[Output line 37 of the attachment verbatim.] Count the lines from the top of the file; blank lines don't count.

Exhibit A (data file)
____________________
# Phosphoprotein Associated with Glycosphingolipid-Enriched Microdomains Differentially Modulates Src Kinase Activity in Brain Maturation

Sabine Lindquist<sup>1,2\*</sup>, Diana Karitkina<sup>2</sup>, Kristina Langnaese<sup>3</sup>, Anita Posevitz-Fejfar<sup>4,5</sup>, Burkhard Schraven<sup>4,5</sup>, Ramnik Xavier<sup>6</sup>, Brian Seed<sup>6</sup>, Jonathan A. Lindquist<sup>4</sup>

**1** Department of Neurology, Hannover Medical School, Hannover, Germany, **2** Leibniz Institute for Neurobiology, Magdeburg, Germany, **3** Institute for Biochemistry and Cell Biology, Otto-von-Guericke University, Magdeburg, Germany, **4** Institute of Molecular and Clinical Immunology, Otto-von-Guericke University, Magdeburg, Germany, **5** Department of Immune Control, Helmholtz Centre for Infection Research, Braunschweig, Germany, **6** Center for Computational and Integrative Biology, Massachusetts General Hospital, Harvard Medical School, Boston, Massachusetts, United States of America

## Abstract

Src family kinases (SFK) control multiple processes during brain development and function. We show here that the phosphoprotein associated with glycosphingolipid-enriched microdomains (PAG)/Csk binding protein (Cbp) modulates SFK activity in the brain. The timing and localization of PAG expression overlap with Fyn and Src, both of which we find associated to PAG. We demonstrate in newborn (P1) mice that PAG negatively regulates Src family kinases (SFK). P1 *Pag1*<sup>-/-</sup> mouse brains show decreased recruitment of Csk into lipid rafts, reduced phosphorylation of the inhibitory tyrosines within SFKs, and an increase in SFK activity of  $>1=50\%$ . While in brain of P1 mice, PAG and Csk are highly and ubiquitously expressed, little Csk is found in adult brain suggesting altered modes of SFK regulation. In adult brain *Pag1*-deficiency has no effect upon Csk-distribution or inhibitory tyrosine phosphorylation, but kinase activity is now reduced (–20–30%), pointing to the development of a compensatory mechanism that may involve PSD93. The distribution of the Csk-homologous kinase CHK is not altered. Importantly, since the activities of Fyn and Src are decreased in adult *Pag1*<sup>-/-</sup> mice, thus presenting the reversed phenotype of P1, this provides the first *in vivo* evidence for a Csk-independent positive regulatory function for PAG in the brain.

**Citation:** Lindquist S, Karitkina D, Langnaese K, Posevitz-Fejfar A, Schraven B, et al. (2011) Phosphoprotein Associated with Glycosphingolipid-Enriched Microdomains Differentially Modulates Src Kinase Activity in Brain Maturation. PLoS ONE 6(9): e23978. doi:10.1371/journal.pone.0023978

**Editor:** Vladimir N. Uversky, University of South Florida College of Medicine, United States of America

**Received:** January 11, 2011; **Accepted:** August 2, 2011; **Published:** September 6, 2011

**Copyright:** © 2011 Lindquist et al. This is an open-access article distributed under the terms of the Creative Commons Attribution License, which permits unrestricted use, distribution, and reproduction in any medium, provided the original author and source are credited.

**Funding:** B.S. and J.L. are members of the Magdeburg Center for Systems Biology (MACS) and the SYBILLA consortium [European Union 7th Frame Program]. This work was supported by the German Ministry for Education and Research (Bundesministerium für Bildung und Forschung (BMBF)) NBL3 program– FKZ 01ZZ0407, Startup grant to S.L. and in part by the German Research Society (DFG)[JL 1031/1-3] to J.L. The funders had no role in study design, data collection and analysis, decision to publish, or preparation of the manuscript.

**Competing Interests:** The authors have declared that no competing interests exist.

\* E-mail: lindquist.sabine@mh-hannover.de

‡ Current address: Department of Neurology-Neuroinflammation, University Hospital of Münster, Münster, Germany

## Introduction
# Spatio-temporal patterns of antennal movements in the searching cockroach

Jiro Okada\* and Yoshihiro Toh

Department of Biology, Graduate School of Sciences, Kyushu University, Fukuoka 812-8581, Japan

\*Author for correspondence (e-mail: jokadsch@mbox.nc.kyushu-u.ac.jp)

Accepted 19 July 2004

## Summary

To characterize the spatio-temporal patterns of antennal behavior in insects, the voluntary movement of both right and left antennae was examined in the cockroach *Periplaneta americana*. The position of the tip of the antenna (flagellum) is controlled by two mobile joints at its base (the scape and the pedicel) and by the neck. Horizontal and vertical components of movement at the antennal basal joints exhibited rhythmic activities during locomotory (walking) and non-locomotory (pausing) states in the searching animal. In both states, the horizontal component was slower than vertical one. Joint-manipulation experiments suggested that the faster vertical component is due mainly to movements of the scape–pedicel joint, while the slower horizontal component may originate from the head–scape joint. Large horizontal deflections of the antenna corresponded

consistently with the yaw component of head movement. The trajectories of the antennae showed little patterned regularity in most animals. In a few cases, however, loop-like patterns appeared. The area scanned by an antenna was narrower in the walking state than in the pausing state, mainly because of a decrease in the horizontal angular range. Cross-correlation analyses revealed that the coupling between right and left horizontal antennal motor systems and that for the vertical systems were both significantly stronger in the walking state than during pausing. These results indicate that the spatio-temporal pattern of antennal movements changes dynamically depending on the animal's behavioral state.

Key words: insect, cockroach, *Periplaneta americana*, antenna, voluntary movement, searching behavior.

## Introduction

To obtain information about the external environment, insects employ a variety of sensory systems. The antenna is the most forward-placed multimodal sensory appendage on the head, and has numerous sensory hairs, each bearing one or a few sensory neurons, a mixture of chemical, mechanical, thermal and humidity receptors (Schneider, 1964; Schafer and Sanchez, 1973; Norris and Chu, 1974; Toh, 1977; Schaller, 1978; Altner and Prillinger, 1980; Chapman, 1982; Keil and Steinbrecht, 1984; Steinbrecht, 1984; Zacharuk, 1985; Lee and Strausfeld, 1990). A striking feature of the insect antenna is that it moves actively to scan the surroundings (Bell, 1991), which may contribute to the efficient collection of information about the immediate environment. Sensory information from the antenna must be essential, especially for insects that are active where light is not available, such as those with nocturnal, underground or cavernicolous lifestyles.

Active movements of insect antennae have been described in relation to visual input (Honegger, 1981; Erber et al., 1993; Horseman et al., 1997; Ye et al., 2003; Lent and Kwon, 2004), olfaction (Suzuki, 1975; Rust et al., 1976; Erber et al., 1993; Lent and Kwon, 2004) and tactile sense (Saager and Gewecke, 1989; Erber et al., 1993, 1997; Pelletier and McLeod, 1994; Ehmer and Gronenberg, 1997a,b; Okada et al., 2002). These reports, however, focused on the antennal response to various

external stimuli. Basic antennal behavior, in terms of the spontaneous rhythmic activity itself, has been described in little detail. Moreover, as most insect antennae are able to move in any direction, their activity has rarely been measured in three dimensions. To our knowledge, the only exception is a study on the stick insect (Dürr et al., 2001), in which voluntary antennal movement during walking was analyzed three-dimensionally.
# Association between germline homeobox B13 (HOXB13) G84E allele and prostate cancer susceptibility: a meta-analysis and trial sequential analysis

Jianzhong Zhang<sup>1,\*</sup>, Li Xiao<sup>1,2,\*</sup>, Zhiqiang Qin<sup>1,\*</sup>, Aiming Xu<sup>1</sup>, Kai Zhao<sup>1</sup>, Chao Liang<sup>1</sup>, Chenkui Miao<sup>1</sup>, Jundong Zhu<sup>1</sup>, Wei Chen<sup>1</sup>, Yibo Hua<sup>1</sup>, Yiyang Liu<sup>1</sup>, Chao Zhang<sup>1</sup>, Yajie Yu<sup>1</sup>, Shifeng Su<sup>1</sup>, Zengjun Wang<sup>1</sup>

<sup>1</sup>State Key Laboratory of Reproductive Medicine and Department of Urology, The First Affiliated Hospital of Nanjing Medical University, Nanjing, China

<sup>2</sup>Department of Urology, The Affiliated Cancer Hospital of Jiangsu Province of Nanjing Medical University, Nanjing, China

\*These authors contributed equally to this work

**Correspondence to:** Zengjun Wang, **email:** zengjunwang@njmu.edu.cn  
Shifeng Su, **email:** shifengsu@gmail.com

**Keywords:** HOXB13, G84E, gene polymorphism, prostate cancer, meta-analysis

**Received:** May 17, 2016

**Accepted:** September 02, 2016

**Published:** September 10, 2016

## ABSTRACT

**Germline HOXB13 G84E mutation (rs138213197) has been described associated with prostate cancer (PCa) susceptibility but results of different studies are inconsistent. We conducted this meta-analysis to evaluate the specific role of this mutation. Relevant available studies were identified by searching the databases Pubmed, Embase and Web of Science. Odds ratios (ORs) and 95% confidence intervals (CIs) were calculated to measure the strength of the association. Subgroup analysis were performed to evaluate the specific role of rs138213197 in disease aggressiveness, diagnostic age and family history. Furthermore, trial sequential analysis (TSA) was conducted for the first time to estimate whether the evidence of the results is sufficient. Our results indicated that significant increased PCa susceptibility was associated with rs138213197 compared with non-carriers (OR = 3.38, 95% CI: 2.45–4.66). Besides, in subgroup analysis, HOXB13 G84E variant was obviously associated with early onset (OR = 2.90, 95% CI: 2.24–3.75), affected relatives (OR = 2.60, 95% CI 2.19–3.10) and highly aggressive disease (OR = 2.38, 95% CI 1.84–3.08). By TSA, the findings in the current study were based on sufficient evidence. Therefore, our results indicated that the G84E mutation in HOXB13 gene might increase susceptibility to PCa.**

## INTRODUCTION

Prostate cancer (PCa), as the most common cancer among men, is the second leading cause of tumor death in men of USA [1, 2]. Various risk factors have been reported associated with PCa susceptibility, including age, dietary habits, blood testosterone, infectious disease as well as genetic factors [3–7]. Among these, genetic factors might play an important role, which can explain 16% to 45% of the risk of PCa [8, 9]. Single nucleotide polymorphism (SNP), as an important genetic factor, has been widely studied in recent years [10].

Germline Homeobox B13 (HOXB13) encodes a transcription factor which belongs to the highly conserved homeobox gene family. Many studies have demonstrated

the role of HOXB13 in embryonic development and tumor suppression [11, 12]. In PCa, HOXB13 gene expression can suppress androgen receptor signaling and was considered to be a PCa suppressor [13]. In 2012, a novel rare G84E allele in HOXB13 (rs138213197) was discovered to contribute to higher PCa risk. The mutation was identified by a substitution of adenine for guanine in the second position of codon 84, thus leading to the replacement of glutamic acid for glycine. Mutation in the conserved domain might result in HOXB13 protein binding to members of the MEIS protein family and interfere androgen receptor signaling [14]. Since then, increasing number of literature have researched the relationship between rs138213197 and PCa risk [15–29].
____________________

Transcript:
**Accepted:** September 02, 2016